Editorial: How to spend taxpayers’ money

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Two bits of government spending (actually one is proposed) caught our eyes and caused use to squint while reading.  The first was the government’s plan to purchase the Deluxe Cinema building on High Street and the second was the massive overspend on the new headquarters for the Antigua Department of Marine Services (ADOMS) on Factory Road.
The justification and reasoning behind the purchase of the Deluxe Cinema building are baffling to many people, especially after the comments from the government’s Chief of Staff, Lionel “Max” Hurst.
According to Hurst, the public should not worry about the $8 million being paid for the building because it represents less than one percent of the annual budget.   Specifically, he stated, “The government spends more than $1 billion annually. That’s one thousand million dollars, so $8 million to acquire additional property is not a burdensome amount given the amount the government will spend. It will be less than one percent, or even less than one tenth of one percent, but it will be a significant property that the government will own afterwards.”  Well, first thing is to get accurate with the math, $8 million is not less than one tenth of one percent.  It is less than one percent, but we do not understand the reference to percentages of budgets since, no matter how you calculate it, $8 million is a significant amount.
Even the Chief of Staff had to concede that the money could be better spent in other areas like upgrading the country’s lone prison facility, the country’s boys training school, home for girls, the debt owed to civil servants or putting internet into schools, but apparently the investment opportunity is too good to pass up.  That clearly indicates that the government has shifted to an investment-first policy.  With all the obvious needs in our society, coupled with declining revenues, the priority shift is perplexing. 
How does a real estate investment trump many of the critical needs in the country?  It will not be a money-spinner like the West Indies Oil Company, and the financial benefit of the asset will only be realised when it is sold or mortgaged.  Of course, its intended use as a performing arts centre does deliver some benefits, but we all know the fate of the last House of Culture on Parliament Drive.
Buying the building is one thing, maintaining it as a performance arts centre is another.  The cost of upkeep must be factored into the equation.  Maybe someone in officialdom can provide some clarity?
Next on the spending list is the ridiculous overspend on the ADOMS building that the government has indicated will now be the subject of an audit.  Before we get into the worrisome part of this project, we would like to congratulate the government for announcing the audit.   We only hope that the full findings will be presented to the public upon completion, because on the surface, the cost overruns are hard to understand, much less justify.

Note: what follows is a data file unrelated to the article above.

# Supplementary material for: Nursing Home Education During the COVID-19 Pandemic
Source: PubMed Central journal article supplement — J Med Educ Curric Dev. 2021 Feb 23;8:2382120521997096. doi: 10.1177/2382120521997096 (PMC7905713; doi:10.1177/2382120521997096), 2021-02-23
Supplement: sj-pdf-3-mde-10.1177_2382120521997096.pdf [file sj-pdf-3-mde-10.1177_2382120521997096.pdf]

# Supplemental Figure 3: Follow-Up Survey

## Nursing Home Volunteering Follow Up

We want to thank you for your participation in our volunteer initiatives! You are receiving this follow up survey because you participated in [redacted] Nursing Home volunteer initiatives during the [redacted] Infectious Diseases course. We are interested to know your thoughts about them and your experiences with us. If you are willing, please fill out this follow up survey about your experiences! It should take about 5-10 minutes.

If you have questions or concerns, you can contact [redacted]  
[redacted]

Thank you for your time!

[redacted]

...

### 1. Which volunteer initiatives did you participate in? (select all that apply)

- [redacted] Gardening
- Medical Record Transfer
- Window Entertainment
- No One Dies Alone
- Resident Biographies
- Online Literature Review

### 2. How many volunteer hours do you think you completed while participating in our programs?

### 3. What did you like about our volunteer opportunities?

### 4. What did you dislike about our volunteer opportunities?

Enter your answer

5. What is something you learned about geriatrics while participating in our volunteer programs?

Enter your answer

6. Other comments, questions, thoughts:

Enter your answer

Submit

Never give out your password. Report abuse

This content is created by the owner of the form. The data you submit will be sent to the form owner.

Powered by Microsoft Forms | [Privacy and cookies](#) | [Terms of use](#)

Baffling to us is the fact that a building budgeted to cost $17 million and take less than 24 months to construct has ballooned to somewhere around $30 – $33 million and has been under construction for more than 48 months.
Now, we have heard the usual political excuse that the project was a United Progressive Party (UPP) initiative and that the Antigua Barbuda Labour Party (ABLP) inherited the contracts for construction, but the groundbreaking for this building was in April 2013.
Just over a year later, the ABLP took over. So what did the administration inherit?  Did it inherit a $17 million dollar project or did it inherit something extremely different? 
The situation at the point of handover is key to understanding who is responsible for this botched project because on the face of it, the UPP was only into the project for about one year.  Was the project improperly scoped?  Were modifications requested?  Was it poorly managed?  Wait, forget that last question because the answer is obvious.   And speaking of obvious, how is it that no one has been fired for such an egregiously poor performance.  Certainly there is someone from the ADOMS/government side that oversaw the contractors.  And taking one step back, if the project was improperly scoped, then those responsible for that faux pas have to suffer the consequences for their very expensive screw-up.  The contractors as well must be called to defend their performance in this fiasco.   If the scope was incorrect, the contractor should have identified the deficiencies in the bidding process. 
At least in this case, we are hearing about accountability. Not that we should worry about the cost overruns, because it is less than two percent of the annual budget and “is not a burdensome amount given the amount the government will spend.” Now that’s taking the reasoning to its logical absurdity!

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